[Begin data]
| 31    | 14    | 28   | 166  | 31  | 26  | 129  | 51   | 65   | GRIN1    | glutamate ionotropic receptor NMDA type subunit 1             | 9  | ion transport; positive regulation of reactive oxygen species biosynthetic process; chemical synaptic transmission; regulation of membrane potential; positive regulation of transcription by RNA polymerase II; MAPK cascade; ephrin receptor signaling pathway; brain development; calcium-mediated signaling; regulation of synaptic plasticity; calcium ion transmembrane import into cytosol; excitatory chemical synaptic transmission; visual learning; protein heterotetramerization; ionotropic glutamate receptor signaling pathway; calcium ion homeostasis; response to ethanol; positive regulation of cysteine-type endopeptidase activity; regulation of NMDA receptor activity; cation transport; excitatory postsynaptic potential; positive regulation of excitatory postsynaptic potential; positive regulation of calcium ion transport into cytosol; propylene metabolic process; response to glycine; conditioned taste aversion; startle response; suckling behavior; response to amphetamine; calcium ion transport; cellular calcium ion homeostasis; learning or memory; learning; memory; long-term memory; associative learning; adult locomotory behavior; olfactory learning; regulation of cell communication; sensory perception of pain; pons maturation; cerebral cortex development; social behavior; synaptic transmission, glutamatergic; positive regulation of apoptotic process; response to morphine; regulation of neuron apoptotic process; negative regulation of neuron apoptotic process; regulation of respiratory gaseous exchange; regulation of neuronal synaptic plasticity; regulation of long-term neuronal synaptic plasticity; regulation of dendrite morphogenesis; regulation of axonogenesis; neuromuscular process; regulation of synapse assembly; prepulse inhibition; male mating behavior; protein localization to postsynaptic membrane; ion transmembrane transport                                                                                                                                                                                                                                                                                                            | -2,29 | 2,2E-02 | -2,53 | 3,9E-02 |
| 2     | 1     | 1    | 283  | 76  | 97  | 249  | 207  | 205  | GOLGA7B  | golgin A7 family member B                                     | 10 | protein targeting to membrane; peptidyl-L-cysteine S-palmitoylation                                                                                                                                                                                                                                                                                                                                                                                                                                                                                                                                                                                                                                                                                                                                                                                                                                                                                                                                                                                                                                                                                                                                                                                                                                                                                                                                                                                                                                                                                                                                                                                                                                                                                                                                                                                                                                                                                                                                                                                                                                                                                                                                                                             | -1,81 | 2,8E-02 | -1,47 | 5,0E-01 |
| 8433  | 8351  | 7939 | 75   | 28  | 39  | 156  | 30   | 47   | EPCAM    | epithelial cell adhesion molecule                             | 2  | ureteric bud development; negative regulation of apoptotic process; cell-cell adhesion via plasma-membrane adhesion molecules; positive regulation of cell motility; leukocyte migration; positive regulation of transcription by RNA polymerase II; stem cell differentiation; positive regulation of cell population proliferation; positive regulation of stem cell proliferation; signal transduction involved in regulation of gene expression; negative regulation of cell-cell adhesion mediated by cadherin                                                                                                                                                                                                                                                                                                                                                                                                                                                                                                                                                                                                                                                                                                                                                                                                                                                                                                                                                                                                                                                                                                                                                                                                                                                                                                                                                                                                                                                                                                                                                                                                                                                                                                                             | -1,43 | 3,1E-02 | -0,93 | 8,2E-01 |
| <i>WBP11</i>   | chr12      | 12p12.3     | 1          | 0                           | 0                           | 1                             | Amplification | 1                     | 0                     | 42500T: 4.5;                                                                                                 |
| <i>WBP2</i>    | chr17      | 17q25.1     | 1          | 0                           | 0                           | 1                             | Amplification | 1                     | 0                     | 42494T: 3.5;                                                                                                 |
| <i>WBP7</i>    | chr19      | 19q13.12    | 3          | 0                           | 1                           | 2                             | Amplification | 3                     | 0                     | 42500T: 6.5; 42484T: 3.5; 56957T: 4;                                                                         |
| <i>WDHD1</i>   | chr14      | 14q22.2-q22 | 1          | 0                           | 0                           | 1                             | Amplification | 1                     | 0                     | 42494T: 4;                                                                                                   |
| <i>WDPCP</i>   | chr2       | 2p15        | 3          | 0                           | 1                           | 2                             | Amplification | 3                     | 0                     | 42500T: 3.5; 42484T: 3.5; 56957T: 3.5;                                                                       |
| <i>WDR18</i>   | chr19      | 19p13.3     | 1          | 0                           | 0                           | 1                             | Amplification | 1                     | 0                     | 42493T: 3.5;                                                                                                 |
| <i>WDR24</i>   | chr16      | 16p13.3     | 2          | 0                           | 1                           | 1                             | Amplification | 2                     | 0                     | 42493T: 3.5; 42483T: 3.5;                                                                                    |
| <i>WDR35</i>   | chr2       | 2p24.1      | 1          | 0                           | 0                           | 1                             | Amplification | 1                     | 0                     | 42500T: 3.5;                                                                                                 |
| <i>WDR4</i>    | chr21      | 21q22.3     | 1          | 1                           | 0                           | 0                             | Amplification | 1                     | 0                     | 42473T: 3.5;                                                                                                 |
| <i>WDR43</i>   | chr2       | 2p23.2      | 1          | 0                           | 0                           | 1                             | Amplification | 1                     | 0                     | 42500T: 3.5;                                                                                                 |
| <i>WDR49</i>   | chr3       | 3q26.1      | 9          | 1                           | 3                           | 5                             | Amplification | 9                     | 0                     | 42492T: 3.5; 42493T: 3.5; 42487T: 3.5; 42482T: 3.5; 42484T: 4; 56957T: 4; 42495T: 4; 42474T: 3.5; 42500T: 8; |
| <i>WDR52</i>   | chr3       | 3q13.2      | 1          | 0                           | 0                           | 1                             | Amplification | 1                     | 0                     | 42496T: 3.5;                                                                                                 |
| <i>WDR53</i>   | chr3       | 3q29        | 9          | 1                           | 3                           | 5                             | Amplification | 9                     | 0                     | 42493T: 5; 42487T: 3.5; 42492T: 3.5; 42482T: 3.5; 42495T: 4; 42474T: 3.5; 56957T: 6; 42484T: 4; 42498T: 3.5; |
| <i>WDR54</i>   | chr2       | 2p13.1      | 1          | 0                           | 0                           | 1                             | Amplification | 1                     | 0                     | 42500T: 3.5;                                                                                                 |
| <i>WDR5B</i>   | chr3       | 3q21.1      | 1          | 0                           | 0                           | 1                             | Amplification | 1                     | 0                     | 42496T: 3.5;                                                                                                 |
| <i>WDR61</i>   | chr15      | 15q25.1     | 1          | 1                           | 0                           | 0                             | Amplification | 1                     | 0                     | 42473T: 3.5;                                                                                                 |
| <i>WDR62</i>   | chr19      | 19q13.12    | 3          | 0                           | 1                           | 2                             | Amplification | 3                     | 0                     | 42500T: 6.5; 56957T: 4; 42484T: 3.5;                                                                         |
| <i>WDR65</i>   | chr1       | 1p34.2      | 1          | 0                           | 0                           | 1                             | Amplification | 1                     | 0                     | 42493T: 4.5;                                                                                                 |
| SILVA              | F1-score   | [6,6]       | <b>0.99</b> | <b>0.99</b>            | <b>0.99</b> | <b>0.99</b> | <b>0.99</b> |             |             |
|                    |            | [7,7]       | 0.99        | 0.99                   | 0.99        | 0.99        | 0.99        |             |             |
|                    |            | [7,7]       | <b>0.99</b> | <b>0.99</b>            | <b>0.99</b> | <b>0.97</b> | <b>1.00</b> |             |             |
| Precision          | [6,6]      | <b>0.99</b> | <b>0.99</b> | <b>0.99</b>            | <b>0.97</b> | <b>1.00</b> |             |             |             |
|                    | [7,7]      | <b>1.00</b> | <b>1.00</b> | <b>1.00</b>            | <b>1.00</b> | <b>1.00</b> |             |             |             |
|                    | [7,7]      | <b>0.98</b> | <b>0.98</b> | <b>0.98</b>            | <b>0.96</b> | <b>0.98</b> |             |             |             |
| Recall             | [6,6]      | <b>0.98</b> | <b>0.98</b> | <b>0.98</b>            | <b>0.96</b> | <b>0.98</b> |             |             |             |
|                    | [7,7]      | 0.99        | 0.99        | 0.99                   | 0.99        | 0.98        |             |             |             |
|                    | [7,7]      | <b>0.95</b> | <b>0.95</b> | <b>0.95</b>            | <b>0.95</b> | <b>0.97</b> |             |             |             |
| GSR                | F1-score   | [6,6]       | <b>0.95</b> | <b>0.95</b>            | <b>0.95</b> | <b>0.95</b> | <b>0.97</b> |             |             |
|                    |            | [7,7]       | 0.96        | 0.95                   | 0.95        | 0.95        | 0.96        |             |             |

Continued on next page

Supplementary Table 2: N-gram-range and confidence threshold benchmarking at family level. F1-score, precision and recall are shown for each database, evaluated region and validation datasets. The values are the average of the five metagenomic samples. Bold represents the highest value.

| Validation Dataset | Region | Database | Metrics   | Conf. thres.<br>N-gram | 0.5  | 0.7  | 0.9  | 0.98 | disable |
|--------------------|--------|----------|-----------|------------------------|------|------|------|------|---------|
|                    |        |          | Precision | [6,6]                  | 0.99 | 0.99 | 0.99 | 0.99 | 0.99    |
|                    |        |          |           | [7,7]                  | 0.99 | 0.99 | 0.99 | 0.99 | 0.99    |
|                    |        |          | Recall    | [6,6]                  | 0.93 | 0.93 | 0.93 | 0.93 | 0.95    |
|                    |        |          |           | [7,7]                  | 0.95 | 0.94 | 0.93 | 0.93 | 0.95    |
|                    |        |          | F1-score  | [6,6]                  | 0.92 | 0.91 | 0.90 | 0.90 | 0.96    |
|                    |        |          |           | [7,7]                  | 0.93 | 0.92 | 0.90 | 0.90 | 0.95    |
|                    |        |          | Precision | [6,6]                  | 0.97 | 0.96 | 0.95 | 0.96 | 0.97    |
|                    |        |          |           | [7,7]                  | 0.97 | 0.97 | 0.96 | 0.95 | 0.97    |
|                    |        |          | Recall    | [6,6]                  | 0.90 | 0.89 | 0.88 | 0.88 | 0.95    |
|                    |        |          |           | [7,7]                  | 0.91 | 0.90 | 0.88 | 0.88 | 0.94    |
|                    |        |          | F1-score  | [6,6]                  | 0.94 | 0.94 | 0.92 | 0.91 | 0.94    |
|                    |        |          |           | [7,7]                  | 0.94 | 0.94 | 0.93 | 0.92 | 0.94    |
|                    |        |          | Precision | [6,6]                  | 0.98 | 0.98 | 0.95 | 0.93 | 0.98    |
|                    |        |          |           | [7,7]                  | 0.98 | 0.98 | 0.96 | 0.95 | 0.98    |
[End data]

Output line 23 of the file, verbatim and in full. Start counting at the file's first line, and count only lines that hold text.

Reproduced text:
|                    |            | [7,7]       | 0.99        | 0.99                   | 0.99        | 0.99        | 0.99        |             |             |